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Pregnancy Timeline by SemestersFetal liver is producing blood cellsHead may position into pelvisBrain convolutions beginFull TermWhite fat begins to be madeWhite fat begins to be madeHead may position into pelvisImmune system beginningImmune system beginningPeriod of rapid brain growthBrain convolutions beginLungs begin to produce surfactantSensory brain waves begin to activateSensory brain waves begin to activateInner Ear Bones HardenBone marrow starts making blood cellsBone marrow starts making blood cellsBrown fat surrounds lymphatic systemFetal sexual organs visibleFinger and toe prints appearFinger and toe prints appearHeartbeat can be detectedHeartbeat can be detectedBasic Brain Structure in PlaceThe Appearance of SomitesFirst Detectable Brain WavesA Four Chambered HeartBeginning Cerebral HemispheresFemale Reproductive SystemEnd of Embryonic PeriodEnd of Embryonic PeriodFirst Thin Layer of Skin AppearsThird TrimesterSecond TrimesterFirst TrimesterFertilizationDevelopmental Timeline
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Home | Pregnancy Timeline | News Alerts |News Archive Dec 5, 2013

 

More than a third of twin births and more than three-quarters of triplets or higher-order
births in the United States in 2011 were the result of fertility treatments.







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IVF fertility treatments keep multiple births high

Non-IVF treatments are biggeat contributor with ovarian stimulation and ovulation induction. But, fertility technology in the United States has a huge influence on the frequency of twins, triplets, and other multiple births.

New estimates of fertility technology are published Dec. 5 in the New England Journal of Medicine. Dr. Eli Y. Adashi, professor of obstetrics and gynecology at Brown University, and his colleagues calculated that more than a third of twin births and more than three-quarters of triplets or higher-order births in the United States in 2011 were the result of fertility treatments.


The proportion of triplets or more related to medical assistance has actually dropped from a peak of 84 percent in 1998 after in vitro fertilization (IVF) guidelines discouraging implantation of three or more embryos took effect that year, the study reports.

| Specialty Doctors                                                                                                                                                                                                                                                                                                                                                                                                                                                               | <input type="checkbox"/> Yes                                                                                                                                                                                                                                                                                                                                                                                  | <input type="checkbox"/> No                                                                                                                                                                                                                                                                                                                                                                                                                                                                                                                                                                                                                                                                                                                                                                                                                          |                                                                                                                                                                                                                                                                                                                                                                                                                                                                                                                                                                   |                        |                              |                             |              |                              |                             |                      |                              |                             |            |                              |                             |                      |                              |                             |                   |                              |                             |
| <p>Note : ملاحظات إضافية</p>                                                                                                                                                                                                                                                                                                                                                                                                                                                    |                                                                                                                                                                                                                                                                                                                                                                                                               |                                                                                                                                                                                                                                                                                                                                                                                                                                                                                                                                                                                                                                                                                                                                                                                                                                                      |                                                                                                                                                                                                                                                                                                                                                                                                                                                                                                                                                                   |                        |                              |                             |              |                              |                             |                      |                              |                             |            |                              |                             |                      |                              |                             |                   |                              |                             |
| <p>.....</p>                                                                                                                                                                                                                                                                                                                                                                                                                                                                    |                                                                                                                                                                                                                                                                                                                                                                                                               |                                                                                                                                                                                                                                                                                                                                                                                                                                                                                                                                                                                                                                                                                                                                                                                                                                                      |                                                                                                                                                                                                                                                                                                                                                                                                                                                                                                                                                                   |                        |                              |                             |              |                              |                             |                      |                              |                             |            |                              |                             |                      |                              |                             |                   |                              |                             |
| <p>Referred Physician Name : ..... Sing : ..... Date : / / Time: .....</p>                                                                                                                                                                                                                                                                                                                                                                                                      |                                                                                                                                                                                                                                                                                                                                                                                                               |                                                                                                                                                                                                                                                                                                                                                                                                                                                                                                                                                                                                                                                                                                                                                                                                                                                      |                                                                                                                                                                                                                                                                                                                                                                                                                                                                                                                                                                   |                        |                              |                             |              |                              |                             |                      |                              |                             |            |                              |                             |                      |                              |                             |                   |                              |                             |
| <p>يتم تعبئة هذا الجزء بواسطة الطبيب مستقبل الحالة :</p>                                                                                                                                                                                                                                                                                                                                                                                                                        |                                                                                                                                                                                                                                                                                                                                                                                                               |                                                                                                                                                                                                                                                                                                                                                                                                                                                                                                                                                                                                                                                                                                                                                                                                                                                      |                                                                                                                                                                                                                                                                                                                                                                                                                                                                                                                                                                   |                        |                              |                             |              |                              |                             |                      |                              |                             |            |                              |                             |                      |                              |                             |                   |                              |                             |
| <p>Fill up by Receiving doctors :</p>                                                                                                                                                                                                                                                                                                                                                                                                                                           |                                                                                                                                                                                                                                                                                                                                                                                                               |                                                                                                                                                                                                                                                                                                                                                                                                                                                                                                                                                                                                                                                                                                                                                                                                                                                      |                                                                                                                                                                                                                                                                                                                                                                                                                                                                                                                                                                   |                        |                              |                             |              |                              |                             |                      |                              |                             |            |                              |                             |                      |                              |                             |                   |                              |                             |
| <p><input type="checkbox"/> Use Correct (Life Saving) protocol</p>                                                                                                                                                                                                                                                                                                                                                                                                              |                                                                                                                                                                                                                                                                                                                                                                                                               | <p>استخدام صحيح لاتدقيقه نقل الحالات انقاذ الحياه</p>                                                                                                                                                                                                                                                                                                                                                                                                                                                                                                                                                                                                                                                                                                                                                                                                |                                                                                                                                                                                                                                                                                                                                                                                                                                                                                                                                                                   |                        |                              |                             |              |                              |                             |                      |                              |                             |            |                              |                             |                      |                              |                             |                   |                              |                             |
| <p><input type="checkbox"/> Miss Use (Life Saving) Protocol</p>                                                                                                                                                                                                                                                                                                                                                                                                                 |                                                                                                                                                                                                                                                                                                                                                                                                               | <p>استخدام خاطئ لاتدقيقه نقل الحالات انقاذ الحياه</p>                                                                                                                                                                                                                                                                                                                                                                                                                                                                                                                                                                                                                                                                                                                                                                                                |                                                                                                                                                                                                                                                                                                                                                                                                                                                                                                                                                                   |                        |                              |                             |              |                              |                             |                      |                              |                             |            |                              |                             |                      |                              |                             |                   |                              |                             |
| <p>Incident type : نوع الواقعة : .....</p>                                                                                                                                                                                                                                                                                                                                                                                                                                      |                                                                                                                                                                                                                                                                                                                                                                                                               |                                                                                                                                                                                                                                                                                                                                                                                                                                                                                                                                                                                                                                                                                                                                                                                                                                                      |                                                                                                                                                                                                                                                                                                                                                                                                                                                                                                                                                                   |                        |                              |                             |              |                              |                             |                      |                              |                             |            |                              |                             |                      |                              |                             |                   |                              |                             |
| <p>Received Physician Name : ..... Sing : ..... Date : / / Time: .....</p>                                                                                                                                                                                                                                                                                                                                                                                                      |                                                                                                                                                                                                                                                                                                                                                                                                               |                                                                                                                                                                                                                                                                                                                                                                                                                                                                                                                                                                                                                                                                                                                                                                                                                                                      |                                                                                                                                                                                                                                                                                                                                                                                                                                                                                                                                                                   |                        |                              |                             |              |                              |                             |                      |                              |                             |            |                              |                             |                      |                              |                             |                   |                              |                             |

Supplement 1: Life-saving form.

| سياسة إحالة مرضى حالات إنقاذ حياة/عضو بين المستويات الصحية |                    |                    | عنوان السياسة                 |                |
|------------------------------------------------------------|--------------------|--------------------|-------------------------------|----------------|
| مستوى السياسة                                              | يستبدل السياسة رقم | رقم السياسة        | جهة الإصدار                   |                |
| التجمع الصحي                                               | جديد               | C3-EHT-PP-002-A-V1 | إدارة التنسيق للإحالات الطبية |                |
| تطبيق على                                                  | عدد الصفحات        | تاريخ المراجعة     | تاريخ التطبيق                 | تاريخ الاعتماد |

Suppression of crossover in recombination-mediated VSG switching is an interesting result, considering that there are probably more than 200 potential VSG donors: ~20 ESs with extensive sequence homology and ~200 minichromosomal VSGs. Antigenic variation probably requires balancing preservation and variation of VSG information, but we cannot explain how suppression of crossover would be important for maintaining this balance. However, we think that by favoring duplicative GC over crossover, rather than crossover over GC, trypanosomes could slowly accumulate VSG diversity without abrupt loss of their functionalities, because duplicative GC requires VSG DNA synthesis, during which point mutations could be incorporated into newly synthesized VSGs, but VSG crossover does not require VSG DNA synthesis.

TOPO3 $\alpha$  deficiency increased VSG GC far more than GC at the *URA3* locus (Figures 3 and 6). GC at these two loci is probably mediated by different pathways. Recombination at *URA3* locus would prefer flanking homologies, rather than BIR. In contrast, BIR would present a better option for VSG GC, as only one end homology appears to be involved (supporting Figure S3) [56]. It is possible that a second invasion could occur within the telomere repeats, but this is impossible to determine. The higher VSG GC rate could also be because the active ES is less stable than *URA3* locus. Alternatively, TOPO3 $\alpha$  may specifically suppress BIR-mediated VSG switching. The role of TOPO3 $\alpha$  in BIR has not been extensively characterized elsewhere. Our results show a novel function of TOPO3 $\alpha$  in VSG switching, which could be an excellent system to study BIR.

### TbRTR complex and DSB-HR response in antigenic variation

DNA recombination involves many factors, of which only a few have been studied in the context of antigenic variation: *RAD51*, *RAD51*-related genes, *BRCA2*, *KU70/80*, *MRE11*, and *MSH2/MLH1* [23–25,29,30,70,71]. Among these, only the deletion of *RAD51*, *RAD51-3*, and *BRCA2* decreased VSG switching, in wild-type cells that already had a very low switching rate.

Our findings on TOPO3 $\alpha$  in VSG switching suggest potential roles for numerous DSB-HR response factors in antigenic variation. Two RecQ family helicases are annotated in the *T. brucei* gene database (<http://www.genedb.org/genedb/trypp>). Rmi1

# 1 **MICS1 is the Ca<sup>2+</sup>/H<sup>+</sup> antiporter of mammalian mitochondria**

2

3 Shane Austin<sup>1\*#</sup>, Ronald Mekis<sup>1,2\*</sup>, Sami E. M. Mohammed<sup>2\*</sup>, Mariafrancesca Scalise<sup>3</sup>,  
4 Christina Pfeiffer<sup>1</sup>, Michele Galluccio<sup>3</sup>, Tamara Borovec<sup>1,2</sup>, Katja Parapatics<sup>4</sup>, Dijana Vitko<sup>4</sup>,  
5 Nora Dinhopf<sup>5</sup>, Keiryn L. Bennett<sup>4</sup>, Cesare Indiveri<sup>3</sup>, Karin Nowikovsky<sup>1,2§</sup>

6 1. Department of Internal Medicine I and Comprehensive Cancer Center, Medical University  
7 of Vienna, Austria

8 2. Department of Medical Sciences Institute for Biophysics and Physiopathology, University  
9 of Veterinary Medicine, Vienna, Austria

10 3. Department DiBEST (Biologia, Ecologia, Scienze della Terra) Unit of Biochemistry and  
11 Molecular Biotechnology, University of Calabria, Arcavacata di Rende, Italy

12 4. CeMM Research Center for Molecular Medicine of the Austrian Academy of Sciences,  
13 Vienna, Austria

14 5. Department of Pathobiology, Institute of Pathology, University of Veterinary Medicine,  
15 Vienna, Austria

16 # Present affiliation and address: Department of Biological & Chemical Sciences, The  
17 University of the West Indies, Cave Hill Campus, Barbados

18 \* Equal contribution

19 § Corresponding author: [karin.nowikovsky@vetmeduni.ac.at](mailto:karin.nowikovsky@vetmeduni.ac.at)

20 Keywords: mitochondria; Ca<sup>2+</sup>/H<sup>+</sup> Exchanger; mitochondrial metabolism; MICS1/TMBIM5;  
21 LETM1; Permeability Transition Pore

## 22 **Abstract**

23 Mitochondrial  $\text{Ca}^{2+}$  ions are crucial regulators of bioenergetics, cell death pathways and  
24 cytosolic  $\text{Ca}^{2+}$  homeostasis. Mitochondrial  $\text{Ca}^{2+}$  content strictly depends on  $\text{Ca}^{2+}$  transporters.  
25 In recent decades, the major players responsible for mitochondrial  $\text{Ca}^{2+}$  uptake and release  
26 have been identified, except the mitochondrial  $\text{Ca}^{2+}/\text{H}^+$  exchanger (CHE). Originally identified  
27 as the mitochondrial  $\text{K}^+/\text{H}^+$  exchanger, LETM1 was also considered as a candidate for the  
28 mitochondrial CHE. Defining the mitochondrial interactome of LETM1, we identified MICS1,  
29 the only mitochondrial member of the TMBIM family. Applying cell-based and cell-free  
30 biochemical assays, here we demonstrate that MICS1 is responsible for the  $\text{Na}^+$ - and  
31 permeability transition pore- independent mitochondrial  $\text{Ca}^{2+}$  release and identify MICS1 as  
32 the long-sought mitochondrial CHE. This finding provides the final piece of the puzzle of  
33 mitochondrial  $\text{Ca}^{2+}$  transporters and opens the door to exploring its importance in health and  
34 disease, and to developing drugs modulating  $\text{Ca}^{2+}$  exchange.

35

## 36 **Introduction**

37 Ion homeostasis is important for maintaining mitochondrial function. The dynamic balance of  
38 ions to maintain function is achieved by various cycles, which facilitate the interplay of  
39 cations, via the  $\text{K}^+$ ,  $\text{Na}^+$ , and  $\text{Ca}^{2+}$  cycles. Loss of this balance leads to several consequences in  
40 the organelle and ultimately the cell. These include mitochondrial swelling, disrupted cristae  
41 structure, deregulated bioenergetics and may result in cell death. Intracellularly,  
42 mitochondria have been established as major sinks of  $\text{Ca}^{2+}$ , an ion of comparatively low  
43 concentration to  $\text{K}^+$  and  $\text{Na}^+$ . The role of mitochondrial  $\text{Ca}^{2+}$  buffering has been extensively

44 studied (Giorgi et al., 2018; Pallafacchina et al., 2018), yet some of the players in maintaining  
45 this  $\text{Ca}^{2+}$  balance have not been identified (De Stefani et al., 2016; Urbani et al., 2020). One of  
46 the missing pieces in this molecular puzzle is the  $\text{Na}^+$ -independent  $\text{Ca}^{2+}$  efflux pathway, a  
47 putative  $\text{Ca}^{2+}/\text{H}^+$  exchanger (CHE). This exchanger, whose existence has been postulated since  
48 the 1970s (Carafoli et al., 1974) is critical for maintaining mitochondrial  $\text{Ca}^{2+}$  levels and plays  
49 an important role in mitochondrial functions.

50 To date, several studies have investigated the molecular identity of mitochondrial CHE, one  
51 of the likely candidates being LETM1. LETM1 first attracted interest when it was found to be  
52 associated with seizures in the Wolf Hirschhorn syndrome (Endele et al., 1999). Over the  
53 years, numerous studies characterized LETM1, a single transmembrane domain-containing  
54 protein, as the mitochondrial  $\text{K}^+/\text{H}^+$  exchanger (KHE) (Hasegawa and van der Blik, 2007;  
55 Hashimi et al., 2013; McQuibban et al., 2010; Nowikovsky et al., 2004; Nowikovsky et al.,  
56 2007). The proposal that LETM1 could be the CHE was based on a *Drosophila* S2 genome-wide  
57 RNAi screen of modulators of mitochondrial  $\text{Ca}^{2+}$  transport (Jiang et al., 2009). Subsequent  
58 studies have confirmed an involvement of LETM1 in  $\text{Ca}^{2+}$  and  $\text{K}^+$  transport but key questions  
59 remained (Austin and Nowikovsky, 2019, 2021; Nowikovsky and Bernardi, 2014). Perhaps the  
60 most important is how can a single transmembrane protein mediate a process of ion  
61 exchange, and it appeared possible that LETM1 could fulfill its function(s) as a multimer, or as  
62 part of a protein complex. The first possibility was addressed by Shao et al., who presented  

IVF has also improved enough that single embryo transfers now often succeed in producing healthy pregnancies.

But in the meantime, non-IVF fertility treatments such as ovarian stimulation and ovulation induction — for instance, with the drug clomiphene citrate — have increased to become the predominant source of medically assisted multiple births in the country while IVF is increasingly producing twins.


Some mothers and couples may hope for twins through fertility treatments, Adashi said, but more often multiple births are not desired. In those cases, he said, the new parents and children incur unwarranted medical risk and long-term financial costs that doctors should strive to prevent.

"We do have a real problem with way too many multiple births in the United States with consequences to both mothers and babies," said Adashi, the study's senior author and former dean of the Warren Alpert Medical School of Brown University. "It's an unintended consequence of otherwise well intentioned and remarkable technology."

To arrive at their estimates, the team, including lead author Aniket Kulkarni of the U.S. Centers for Disease Control and Prevention, gathered data on multiple births from 1962 to 1966 (before any medical fertility treatments were available) and from 1971 through 2011.


Data on IVF procedures has been available since 1997, but no data is available that directly reflects the contribution of non-IVF procedures to rates of multiple births.


The team therefore estimated the role of non-IVF technologies by subtracting the multiple births arising from IVF from the overall number of multiple births, while also accounting for the impact of maternal age on birth plurality. The data from the 1960s, meanwhile, provided a statistical baseline for natural multiple birth rates without medical intervention that the team also used in their estimates.